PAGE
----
libtool: compile:  gcc -DHAVE_CONFIG_H -I. -Iinclude -m32 -O2 -Wall -MT antlr3baserecognizer.lo -MD -MP -MF .deps/antlr3baserecognizer.Tpo -c src/antlr3baserecognizer.c  -fPIC -DPIC -o .libs/antlr3baserecognizer.o
In file included from /usr/include/features.h:434:0,
                 from /usr/include/bits/libc-header-start.h:33,
                 from /usr/include/stdio.h:28,
                 from include/antlr3defs.h:248,
                 from include/antlr3baserecognizer.h:39,
                 from src/antlr3baserecognizer.c:9:
/usr/include/gnu/stubs.h:7:11: fatal error: gnu/stubs-32.h: No such file or directory
 # include <gnu/stubs-32.h>
           ^~~~~~~~~~~~~~~~
compilation terminated.
make[1]: *** [Makefile:449: antlr3baserecognizer.lo] Error 1
make[1]: Leaving directory '/root/Project/libantlr3c-3.4'
make: *** [Makefile:308: all] Error 2

In order to build 64-bit library, you should specify --enable-64bit option during configure stage:

./configure --enable-64bit

Then it will be generated to 64-bit library.

What is the effect of extern “C”?

Published / by nanxiao / 1 Comment on What is the effect of extern “C”?

I often see the following code in C header files:

#ifdef __cplusplus
extern "C" {
#endif

......

#ifdef __cplusplus
}
#endif

What does it mean? Since there is __cplusplus marco, it must be related to C++ compilation. Let’s see a simple program (print.c):

$ cat print.c
#include <stdio.h>

void print(void)
{
        printf("Hello world!\n");
}

Use gcc to generate object file:

$ gcc -c print.c
$ 

Then create a main.cpp file which calls print() in its main() function:

$ cat main.cpp
extern void print(void);

int main(void)
{
        print();
        return 0;
}

Compile main.cpp and link with print.o:

$ g++ main.cpp print.o
/tmp/cc60fu19.o: In function `main':
main.cpp:(.text+0x5): undefined reference to `print()'
collect2: error: ld returned 1 exit status

It is weird, right? the print() function must be defined in print.o, why can’t g++ find it? Let’s do a simple magic, add "C" in extern void print(void);:

$ cat main.cpp
extern "C" void print(void);

int main(void)
{
        print();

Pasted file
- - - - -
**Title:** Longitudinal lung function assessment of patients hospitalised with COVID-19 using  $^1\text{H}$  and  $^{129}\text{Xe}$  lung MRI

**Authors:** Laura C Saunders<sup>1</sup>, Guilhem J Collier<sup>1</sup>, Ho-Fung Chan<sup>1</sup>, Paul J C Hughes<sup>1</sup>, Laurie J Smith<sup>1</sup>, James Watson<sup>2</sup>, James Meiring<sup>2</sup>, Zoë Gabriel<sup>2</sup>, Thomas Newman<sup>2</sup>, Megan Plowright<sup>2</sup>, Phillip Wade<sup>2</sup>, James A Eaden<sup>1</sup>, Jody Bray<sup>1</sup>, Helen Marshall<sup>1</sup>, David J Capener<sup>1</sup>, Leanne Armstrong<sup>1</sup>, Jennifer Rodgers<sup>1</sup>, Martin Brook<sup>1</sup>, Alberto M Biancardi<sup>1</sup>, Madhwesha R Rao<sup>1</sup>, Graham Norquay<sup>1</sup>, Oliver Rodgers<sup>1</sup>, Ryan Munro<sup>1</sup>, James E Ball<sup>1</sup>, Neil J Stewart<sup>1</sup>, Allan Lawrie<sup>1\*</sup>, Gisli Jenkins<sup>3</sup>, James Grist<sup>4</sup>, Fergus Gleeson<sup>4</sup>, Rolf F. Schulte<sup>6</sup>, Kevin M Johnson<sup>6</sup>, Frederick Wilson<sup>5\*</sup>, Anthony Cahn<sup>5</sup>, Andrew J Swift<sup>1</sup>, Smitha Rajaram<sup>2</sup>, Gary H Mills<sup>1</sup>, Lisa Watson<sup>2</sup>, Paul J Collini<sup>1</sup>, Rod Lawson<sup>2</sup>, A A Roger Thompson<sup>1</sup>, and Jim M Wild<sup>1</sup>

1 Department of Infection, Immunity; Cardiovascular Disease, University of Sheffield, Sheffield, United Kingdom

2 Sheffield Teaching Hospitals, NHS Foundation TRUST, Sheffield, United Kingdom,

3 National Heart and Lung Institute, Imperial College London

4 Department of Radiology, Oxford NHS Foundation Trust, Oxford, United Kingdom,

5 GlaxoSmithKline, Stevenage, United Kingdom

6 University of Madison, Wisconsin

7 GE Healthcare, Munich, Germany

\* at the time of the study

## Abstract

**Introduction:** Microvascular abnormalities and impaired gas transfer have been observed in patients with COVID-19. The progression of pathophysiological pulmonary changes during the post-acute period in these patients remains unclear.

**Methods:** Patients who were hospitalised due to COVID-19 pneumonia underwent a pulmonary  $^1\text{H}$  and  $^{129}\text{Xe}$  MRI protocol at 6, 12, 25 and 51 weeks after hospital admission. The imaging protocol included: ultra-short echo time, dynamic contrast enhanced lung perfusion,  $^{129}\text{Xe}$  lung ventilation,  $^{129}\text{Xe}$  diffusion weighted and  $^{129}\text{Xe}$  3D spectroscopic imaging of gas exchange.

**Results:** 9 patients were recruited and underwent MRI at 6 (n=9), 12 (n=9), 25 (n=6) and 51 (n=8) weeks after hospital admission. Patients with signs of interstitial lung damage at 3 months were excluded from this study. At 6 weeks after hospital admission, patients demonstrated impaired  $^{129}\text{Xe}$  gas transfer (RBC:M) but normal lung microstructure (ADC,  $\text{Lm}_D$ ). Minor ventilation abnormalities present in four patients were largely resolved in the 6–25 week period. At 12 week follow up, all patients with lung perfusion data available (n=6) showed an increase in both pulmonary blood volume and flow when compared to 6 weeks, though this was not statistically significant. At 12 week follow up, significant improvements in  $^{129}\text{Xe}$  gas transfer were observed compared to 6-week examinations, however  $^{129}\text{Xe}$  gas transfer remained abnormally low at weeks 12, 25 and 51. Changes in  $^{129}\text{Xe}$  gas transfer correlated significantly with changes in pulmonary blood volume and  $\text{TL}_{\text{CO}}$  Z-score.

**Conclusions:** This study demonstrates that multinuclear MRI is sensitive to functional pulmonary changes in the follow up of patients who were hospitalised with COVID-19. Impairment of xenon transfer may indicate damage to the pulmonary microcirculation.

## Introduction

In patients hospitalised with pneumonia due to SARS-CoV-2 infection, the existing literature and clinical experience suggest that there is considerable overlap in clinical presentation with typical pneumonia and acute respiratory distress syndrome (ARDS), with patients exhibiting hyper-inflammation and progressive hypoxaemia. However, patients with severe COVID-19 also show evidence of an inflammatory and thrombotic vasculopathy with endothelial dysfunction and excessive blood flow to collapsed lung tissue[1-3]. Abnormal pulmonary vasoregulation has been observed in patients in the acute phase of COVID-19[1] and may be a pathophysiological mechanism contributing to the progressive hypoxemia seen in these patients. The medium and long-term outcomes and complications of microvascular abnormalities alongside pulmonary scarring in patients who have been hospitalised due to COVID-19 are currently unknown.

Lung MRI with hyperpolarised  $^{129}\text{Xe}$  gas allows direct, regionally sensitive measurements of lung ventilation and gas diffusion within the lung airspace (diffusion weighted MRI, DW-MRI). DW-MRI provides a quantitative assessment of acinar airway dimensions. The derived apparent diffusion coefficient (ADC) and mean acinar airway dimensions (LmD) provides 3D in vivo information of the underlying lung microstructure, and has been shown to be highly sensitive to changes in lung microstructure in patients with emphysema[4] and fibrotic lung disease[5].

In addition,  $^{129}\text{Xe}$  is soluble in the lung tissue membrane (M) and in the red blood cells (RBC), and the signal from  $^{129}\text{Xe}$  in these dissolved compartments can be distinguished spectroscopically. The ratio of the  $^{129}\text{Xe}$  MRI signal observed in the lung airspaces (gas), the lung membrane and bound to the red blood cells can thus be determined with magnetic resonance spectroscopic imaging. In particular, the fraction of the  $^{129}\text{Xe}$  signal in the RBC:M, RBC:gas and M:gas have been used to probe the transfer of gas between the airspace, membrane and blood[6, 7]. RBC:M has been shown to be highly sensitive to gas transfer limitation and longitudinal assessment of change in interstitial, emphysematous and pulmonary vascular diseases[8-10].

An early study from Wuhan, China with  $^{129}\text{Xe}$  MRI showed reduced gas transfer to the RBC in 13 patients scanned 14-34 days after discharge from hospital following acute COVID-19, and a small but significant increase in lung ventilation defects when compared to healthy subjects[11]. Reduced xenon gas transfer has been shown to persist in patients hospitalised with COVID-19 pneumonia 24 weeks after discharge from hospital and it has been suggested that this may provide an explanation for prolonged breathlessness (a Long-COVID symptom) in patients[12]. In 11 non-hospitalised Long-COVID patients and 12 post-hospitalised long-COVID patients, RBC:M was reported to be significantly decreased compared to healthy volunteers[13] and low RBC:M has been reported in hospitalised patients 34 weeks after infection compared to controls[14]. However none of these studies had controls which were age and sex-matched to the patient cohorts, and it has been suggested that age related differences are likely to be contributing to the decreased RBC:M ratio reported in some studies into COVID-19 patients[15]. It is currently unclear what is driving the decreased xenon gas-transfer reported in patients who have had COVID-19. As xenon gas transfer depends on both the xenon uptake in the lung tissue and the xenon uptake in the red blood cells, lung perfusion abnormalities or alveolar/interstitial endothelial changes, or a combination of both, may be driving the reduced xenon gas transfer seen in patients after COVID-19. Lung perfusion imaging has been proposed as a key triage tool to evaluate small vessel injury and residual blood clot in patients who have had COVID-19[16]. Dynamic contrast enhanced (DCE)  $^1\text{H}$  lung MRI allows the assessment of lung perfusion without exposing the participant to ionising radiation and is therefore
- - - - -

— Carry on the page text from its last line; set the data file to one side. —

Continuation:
return 0;
}

Try compile main.cpp again:

$ g++ main.cpp print.o
$ ./a.out
Hello world!

It is OK now! The root cause is related to name mangling. To be simplified, when compile C++ code, the names of functions, global variables, etc will be modified, not the same as original format. While compile C code, this won’t happen. The function of extern "C" is to tell C++ compiler search the original name, not the mangled ones. To get a sense of name mangling, you can check the print() name in object file:

$ readelf -s print.o | grep print
 1: 0000000000000000     0 FILE    LOCAL  DEFAULT  ABS print.c
 9: 0000000000000000    17 FUNC    GLOBAL DEFAULT    1 print

Then use g++ to compile print.c, and check function name again:

$ g++ -c print.c
$ readelf -s print.o | grep print
 1: 0000000000000000     0 FILE    LOCAL  DEFAULT  ABS print.c
 9: 0000000000000000    17 FUNC    GLOBAL DEFAULT    1 _Z5printv

You can see the print() function name is actually _Z5printv when use g++ to generate the object file.

References:
Why do we use extern “C”?;
In C++ source, what is the effect of extern “C”?.

The differences between using gcc/g++ to compile *.c/*.cpp files

Published / by nanxiao / Leave a Comment

I bump into Compiling a C++ program with gcc today, and think it is a very interesting topic. So I do the following tests:

(1) Create a canonical C source file:

$ cat main.c
#include <stdio.h>

void hello(void)
{
        printf("Hello World!\n");
}

int main(void)
{
        hello();
}

Use gcc to compile it and search hello in symbol table of executable file:

$ gcc main.c
$ readelf -s a.out | grep hello
53: 00000000004004f6    17 FUNC    GLOBAL DEFAULT   13 hello

Then use g++ to compile it and also search hello in a.out:

$ g++ main.c
$ readelf -s a.out | grep hello
54: 0000000000400526    17 FUNC    GLOBAL DEFAULT   13 _Z5hellov